Desolation Row: was Fadhila Mubarak listening to Bob Dylan?
Earlier this week a woman activist in Bahrain, Fadhila Mubarak, had an 18-month prison sentence against her upheld. It was for protesting against the Bahraini government and - wait for it - for listening to "revolutionary" music.
Last March, travelling in a car with her eight-year-old son and two other children, she was stopped at a police checkpoint near a place called Rifaa, south-west of Manama. The police officer said she’d been stopped for playing music calling for the overthrow of the regime, and was asked to turn it down. She refused and asked the police officer for identification. She was taken out of the car, beaten about the head, arrested and taken to two police stations, reportedly being beaten at both. Some witnesses have told Amnesty that Fadhila was even beaten on the bus that took her for trial before a military court (without a lawyer) two months later. On 17 May she was sentenced to four years (later reduced to 18 months on appeal).
For all the fanfare around last year’s Bahrain Commission of Inquiry, and how it was a supposed sign that the Bahraini authorities were serious about tackling the human rights abuses triggered off by the clampdown on Bahrain’s protests, the fact is that people like Fadhila are still on the receiving end of this clampdown.
Protests tend to make authority figures in countries like Bahrain incredibly jumpy. It’s why you get police officers making ridiculous claims about “revolutionary” music. I don’t know what she was actually listening to, but even if it were Bahrain’s equivalent of Crass or The Dead Kennedys (look ‘em up if you’re not following me here …) that’s no reason to arrest her. Maybe it was Bob Dylan. I’m (half) joking. He’s the sort of “counter-cultural” figure that a Bahraini policeman might take against.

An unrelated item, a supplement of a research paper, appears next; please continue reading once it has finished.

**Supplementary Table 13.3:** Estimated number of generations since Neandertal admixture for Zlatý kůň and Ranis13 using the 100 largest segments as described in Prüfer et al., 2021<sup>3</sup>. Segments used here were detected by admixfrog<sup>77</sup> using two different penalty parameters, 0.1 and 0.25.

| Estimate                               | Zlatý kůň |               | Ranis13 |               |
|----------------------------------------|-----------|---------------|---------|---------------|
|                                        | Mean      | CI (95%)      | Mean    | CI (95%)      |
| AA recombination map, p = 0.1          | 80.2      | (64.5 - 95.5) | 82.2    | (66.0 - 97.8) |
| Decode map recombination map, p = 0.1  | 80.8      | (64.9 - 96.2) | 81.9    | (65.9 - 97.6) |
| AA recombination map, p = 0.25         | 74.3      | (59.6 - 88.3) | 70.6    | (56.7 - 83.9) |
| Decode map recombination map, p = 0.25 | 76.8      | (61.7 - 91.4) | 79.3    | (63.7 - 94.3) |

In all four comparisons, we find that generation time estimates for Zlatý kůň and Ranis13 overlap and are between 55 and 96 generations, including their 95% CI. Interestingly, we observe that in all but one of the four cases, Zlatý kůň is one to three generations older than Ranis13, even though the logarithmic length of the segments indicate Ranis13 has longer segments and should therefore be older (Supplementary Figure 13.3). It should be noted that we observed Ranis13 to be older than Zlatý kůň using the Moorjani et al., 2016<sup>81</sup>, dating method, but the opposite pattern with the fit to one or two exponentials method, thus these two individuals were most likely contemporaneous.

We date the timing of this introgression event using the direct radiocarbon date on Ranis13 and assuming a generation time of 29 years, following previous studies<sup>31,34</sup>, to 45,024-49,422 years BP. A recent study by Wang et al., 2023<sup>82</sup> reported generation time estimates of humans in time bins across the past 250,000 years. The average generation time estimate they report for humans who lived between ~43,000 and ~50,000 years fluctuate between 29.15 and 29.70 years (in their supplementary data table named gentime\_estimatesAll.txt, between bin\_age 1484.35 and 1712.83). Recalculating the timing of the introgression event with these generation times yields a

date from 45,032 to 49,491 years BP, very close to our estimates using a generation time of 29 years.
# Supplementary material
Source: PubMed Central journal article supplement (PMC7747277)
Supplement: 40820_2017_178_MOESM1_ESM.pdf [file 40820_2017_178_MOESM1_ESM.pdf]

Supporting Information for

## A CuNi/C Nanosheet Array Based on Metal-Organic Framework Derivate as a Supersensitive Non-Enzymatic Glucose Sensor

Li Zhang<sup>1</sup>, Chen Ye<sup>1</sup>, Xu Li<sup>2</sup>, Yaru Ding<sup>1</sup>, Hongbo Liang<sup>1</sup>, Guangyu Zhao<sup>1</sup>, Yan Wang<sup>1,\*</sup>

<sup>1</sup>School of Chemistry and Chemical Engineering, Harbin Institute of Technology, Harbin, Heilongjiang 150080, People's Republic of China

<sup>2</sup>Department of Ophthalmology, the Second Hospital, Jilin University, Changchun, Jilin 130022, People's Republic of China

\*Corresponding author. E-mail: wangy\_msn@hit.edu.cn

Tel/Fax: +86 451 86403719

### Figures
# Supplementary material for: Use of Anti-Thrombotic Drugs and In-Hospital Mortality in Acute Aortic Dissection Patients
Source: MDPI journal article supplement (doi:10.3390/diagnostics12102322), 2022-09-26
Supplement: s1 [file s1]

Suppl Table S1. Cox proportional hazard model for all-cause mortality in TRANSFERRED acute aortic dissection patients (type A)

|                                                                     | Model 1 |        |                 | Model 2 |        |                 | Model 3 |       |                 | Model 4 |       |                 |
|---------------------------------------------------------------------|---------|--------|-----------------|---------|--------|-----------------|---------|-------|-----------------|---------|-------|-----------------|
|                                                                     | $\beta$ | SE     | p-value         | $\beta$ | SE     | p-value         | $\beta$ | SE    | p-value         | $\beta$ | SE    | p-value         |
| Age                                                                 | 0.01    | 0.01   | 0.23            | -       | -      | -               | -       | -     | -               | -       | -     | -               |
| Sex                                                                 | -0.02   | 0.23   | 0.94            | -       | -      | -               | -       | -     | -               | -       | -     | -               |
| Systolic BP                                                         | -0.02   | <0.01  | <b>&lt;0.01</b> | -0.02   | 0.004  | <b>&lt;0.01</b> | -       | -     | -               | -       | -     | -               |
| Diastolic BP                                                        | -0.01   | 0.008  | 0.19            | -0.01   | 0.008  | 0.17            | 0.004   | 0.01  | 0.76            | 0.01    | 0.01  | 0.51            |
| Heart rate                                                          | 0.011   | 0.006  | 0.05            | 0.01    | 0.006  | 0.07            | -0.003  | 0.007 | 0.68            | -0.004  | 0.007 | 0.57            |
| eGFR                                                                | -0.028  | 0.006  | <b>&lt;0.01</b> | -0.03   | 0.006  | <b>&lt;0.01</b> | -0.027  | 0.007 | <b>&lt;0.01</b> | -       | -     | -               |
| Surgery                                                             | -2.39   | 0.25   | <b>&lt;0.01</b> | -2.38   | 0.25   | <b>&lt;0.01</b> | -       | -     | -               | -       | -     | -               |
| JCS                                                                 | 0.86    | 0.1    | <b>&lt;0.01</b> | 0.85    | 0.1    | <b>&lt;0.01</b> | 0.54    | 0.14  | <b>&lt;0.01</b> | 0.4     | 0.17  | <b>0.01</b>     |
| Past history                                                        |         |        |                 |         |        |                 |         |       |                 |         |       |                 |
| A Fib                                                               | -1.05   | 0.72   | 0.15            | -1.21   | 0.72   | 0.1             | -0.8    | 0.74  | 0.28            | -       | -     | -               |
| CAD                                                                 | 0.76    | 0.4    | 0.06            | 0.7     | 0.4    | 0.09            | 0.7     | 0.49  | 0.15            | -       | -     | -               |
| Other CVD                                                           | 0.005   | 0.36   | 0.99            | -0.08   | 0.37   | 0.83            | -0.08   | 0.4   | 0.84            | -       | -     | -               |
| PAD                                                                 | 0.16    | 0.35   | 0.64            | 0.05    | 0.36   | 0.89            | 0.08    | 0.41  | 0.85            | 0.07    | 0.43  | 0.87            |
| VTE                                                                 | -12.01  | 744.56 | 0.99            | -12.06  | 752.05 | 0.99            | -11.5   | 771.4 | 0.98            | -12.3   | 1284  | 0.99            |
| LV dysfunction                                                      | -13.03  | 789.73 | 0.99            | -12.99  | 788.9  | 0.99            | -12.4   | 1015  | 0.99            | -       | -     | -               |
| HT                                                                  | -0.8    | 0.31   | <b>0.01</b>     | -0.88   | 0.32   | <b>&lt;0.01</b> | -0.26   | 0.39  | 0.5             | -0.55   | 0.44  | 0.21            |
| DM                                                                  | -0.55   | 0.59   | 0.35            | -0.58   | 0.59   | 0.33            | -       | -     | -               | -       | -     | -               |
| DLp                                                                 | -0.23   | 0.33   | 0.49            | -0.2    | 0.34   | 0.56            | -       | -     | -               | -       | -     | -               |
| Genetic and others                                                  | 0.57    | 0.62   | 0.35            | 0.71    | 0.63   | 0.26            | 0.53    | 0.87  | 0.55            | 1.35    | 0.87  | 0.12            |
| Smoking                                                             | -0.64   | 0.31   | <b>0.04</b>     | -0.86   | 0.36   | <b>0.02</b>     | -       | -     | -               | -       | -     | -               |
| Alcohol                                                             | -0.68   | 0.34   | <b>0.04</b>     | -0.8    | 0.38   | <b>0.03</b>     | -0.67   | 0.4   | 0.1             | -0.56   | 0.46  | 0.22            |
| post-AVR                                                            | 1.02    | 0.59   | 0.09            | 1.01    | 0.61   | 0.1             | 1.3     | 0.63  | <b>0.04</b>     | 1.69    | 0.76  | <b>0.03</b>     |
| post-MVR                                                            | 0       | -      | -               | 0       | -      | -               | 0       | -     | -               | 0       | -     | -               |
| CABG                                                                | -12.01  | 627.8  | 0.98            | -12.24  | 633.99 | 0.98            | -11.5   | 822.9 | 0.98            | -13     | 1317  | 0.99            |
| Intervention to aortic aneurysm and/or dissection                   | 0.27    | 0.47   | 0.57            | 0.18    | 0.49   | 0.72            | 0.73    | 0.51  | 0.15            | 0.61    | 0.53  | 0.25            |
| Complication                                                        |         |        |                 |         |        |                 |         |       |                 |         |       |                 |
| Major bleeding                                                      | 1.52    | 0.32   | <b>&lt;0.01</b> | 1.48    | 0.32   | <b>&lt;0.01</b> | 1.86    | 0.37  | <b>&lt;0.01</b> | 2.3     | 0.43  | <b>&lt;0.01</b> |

I mention Dylan partly because there’s a new 4-CD collection* of musicians doing covers of his songs out next week. Dylan’s early work is famously associated with the US civil rights movement - Greenwich Village beatniks, students who campaigned in the South for black voter registration, protest marches in Washington. (Personally, what I especially like about his stuff is the surrealism and the humour - and that odd, raspy voice. Plus the blues, folk, country and rock sounds, dashes of the Velvet Underground and lots of Woody Guthrie.)
Somehow though, Dylan’s cussed personality is itself a sort of protest against conformity (think of those notorious interviews with increasingly desperate interviewers who couldn’t get him to play the showbiz game). It kind of - kind of! - fits with the dogged protest-driven behaviour of human rights campaigners. It’s not surprising that one of the artists on the Dylan collection is the 92-year-old Pete Seeger, someone who was - incredibly - doing rousing shows for striking farmers in upstate New York in 1938. (That’s 1938).
The Dylan compilation is dedicated to “the thousands of people worldwide who are imprisoned or threatened for the peaceful expression of their beliefs”. Fadhila Mubarak is one of those people.
*It’s called Chimes of Freedom: The Songs of Bob Dylan Honoring 50 Years of Amnesty International - and comprises 72 covers plus one by Mr Zimmerman himself, Chimes Of Freedom. It’s a vast compilation - I’m working my way through it as I write this post (favoured tunes so far: Raphael Saadiq’s Leopard-Skin Pill-Box Hat, Brett Dennen’s You Ain’t Goin’ Nowhere, Steve Earle & Lucia Micarelli’s One More Cup Of Coffee (Valley Below), Elvis Costello’s License To Kill (some nice dubby vocals on this), and K’Naan’s pretty interesting rap-style reinterpretation of With God On Our Side).
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